Kinky boots of the 1930s: Phegor 2

Another Phegor drawing. German, 1930s. Anyone know anything about him?

I’ve been sent another Phegor drawing. It’s got some things in common with his other drawing, which I featured in the post “Radclyffe Hall with a whip”.

He (I’m assuming Phegor was a man) put boots on his dommes, and drew those boots in some detail. He liked stockings, too. And, obviously, he really liked drawing whip marks. The title, “Die Geisel der Freundin” (“The Girlfriend’s Whip”), suggests that he was German, but it may just be that this post card, or book illustration, was printed in Germany.

Thanks to the donor of this other Phegor drawing. Does anyone know any more about this artist? Actual name, other pseudonyms, anything?

4 thoughts on “Kinky boots of the 1930s: Phegor 2

  1. You’ve got the only two Phegor images that have ever been on the internet, afaik. The artist usually signed himself “Z. Phegor”. You’re right about his being German and active in the 1930s. There’s a little bit of information about him in Dr Ernest Schertel’s “Der Flagellantismus als literarisches Motiv”, but it doesn’t add much to this.

    • I shouldn’t argue with a Glockenvogel, but “Geisel” does mean “whip”. Or more specifically, a scourge, a multi-thonged whip with the lashes connected to a short, inflexible handle. Exactly the kind shown in the drawing. It also means “hostage”, which is probably the more common meaning these days. But I thought “whip” might be the key meaning here, because there’s a whipping going on, and the whip in the picture is a Geisel, a scourge.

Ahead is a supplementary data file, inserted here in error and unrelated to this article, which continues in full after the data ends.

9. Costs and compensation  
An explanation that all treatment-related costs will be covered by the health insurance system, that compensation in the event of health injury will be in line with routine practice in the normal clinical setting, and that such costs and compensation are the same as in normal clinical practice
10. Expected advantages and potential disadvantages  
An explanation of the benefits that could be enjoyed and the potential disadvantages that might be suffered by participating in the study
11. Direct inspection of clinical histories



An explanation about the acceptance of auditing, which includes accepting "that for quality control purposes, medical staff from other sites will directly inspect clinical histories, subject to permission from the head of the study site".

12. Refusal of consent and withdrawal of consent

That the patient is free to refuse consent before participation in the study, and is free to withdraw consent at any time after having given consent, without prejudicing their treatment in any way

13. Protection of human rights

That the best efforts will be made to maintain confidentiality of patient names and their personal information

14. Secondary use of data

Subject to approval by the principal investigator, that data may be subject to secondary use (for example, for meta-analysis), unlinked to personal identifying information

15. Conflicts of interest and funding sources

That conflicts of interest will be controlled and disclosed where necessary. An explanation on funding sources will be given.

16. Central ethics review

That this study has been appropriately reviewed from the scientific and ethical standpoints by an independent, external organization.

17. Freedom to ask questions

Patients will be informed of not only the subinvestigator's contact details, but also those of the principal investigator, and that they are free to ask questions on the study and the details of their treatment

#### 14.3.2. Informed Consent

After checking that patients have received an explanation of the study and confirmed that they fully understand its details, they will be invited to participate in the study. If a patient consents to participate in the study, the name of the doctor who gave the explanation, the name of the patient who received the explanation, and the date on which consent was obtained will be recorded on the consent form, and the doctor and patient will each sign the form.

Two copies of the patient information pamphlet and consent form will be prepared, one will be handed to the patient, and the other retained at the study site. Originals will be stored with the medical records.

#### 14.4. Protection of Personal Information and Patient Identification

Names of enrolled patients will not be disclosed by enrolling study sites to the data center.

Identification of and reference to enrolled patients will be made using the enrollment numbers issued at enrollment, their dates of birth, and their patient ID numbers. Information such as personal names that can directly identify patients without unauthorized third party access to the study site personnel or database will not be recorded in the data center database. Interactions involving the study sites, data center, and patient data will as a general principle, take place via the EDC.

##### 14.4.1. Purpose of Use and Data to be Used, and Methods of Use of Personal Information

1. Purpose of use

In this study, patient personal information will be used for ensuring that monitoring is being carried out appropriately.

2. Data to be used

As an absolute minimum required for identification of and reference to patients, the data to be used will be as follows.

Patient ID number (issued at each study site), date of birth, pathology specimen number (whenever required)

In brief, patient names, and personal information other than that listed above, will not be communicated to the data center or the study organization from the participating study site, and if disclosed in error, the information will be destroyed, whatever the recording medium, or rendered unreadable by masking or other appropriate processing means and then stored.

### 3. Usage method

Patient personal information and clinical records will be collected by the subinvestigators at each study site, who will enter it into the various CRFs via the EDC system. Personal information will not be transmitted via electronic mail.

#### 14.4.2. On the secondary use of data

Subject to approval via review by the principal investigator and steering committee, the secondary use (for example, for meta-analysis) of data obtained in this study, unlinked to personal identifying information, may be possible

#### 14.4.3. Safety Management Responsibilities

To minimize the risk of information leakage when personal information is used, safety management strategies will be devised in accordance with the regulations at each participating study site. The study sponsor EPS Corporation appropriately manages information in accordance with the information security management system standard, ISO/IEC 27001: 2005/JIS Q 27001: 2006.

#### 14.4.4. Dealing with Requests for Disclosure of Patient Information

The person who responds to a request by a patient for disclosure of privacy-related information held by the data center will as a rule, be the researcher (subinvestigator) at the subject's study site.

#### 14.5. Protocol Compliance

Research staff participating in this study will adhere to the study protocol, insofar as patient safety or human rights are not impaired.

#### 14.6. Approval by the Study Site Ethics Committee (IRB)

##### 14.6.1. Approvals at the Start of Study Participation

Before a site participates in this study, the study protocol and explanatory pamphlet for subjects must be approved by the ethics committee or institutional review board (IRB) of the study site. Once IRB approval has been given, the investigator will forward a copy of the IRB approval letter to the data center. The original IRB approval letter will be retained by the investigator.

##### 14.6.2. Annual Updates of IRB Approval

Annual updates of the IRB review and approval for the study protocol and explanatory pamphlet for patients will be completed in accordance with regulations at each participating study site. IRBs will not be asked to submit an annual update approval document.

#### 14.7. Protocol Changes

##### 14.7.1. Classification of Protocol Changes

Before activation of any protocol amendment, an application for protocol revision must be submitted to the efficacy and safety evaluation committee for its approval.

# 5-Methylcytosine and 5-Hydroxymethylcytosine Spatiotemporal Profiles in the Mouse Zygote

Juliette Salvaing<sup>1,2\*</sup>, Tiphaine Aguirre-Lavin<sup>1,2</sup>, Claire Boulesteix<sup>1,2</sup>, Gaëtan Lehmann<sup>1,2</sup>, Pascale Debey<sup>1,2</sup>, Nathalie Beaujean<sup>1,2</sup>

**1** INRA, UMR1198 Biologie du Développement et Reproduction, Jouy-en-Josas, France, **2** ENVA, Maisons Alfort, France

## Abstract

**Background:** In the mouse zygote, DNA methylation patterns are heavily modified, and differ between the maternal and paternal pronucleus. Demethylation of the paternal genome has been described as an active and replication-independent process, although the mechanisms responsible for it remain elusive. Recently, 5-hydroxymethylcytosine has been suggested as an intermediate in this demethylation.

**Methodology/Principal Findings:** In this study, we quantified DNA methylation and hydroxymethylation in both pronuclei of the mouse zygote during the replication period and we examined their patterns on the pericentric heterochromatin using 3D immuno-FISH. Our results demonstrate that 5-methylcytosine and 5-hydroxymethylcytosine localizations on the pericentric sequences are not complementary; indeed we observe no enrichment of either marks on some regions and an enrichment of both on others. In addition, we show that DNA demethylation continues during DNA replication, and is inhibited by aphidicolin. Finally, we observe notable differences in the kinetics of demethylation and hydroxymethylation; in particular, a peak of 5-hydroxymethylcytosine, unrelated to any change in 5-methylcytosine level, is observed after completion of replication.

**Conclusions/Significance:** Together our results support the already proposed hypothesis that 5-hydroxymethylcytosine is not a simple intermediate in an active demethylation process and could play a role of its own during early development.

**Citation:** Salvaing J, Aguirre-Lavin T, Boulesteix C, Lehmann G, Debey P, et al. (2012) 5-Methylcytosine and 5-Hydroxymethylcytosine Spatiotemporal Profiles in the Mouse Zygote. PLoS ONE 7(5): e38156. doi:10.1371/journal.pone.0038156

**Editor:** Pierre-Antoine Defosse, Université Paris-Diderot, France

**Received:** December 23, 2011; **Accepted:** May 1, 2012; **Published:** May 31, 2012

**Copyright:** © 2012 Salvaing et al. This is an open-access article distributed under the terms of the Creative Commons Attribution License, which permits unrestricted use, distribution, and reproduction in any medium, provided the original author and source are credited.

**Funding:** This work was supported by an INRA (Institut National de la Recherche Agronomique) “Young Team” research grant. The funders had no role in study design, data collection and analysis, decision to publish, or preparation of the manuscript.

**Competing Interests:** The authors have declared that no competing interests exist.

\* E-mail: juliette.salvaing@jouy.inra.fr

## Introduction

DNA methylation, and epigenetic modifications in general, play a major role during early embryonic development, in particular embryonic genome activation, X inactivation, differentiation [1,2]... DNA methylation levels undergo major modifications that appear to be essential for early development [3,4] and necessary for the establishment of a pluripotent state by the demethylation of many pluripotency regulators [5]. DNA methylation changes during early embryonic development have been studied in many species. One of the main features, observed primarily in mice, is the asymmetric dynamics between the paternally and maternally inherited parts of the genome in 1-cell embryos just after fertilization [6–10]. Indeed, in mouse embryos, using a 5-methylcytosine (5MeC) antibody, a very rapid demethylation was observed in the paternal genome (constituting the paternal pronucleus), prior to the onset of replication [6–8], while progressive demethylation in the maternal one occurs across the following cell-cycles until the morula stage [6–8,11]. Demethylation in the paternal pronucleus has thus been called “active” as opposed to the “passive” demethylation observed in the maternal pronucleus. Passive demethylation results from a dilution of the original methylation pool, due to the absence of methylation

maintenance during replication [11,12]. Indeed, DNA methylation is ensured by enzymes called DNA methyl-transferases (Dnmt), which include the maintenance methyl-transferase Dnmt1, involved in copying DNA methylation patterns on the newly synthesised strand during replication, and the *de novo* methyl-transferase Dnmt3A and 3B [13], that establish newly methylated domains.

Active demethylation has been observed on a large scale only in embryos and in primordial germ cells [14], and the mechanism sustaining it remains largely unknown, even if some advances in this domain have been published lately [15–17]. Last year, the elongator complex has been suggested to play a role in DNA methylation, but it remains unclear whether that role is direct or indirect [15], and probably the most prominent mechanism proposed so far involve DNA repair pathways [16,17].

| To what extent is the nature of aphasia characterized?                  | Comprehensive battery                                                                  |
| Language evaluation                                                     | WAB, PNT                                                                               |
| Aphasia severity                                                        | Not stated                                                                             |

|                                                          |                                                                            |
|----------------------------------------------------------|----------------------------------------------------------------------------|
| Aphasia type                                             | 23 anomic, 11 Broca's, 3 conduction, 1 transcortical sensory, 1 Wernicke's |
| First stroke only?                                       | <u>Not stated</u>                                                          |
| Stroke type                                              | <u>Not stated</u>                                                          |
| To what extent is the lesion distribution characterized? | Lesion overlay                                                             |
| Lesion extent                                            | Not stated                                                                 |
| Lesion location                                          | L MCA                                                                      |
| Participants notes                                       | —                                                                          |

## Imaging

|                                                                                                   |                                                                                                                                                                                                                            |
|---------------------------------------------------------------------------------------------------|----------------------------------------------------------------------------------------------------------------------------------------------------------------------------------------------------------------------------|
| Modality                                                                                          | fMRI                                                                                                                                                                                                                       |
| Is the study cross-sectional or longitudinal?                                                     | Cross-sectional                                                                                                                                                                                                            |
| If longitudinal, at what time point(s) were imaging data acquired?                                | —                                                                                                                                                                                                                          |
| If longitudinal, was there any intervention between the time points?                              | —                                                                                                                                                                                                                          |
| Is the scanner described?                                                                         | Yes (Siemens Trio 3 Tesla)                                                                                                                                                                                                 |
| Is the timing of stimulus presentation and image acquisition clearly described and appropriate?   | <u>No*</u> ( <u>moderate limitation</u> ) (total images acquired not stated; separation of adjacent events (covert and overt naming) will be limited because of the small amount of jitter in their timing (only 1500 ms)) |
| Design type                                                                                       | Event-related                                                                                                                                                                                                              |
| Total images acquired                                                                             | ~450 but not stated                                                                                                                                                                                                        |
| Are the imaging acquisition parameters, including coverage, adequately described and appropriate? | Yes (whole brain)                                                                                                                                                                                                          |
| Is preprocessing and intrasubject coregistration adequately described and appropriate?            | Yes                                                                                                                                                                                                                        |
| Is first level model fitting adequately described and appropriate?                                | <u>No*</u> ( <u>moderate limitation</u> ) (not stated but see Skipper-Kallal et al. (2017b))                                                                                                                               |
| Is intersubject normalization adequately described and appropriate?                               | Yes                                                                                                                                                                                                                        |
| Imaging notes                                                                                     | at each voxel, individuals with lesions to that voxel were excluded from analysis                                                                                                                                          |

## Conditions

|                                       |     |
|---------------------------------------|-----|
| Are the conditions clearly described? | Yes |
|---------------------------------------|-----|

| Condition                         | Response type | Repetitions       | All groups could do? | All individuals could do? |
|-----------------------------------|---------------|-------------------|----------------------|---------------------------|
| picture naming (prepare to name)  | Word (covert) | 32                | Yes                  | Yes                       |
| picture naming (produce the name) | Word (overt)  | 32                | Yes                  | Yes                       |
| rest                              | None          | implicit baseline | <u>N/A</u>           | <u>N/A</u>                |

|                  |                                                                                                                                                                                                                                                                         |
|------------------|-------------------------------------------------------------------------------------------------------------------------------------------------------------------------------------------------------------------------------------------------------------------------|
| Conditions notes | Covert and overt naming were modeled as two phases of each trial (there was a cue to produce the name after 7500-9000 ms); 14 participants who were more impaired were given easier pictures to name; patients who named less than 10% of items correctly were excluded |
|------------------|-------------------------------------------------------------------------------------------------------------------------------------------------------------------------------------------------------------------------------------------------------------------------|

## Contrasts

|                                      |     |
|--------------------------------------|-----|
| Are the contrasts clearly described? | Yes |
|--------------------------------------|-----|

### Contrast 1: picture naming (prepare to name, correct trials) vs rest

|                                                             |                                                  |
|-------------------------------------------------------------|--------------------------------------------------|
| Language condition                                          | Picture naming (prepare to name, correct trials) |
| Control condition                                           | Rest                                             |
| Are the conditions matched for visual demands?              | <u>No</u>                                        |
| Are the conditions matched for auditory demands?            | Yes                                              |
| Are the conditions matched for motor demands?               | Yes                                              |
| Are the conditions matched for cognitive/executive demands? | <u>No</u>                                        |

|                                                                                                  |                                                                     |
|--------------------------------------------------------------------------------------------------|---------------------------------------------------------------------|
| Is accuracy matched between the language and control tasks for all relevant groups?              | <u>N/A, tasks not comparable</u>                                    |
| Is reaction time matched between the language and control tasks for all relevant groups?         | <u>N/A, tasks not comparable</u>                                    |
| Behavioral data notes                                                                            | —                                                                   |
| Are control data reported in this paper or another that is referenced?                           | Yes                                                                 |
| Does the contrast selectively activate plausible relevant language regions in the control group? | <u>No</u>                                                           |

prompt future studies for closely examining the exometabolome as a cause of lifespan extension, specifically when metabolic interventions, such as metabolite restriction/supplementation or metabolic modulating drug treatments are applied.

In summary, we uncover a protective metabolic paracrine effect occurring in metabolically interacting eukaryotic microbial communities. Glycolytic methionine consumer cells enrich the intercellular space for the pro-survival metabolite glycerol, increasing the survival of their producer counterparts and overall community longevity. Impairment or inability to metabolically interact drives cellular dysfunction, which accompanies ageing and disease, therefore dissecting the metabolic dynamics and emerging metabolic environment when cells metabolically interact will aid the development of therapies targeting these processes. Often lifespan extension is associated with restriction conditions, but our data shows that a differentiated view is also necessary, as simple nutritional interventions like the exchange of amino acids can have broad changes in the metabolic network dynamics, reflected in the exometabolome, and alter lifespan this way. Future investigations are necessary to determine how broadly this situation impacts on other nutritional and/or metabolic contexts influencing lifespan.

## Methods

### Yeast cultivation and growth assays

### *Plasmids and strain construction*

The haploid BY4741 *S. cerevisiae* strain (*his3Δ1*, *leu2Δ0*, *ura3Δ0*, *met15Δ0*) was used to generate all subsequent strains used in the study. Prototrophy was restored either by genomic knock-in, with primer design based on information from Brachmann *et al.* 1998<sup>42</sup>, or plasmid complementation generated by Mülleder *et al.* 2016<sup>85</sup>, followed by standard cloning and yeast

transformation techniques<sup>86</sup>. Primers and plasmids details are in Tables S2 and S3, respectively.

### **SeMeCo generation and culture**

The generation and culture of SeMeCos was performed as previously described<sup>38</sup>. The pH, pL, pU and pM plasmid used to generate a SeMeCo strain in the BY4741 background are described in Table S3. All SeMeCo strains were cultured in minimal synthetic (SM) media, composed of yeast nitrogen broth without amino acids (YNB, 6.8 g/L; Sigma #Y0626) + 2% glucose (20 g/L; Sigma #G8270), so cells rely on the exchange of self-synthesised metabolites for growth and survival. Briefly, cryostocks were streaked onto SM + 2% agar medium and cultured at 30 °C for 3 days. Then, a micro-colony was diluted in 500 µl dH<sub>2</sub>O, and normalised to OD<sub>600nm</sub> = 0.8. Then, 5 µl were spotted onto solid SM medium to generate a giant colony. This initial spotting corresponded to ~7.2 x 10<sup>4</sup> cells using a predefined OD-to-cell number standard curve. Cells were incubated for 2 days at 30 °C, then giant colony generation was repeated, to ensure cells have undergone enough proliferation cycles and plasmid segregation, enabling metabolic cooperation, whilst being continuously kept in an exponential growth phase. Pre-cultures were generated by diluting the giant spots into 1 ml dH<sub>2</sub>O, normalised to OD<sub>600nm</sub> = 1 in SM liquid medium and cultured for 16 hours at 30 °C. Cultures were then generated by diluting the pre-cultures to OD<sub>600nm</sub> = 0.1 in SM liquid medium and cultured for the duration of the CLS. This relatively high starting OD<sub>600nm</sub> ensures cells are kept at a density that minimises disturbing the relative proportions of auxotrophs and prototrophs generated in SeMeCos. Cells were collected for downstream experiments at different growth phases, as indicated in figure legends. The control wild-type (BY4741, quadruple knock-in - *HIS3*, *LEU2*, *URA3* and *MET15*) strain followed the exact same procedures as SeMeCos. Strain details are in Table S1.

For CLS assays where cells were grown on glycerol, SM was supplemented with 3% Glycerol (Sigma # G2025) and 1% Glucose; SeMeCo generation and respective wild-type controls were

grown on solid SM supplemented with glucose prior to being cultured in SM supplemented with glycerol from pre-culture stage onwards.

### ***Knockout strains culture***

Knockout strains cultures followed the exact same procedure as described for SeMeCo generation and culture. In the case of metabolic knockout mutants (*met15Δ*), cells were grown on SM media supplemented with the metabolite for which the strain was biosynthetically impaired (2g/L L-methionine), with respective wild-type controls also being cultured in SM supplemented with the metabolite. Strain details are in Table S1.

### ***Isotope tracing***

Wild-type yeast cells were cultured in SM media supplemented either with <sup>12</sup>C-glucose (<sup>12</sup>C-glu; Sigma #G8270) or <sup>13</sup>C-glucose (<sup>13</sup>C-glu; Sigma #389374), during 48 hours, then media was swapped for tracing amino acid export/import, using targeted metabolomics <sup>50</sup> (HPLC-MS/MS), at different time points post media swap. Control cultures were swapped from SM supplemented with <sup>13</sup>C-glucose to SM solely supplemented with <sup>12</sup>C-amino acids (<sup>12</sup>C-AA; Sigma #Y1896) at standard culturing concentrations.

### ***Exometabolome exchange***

I got most of my German, such as it is, from opera. So I learned “Geisel” from the whipping scene in “Das Rheingold”. (Alberich whips his brother Mime, M/M, non-consensual. Warning: fairy-tale themes, some invisibility.) A bit later, Alberich sings:
      “Dass keiner mir müssig,
      bürge mir Mime,
      sonst birgt er sich schwer
      meiner Geisel Schwunge!”

      Mind you, in the previous scene, the giant Fasolt took the sex-goddess, Freia, as a hostage, or Geisel.

      Could it be a pun? Both meanings at once?

      • Hang on, on third or fourth thoughts, that looks to me like an Esset, the double S symbol, in the middle of the word. So it’s Geissel, not Geisel. Which means it’s more likely to be “whip”.

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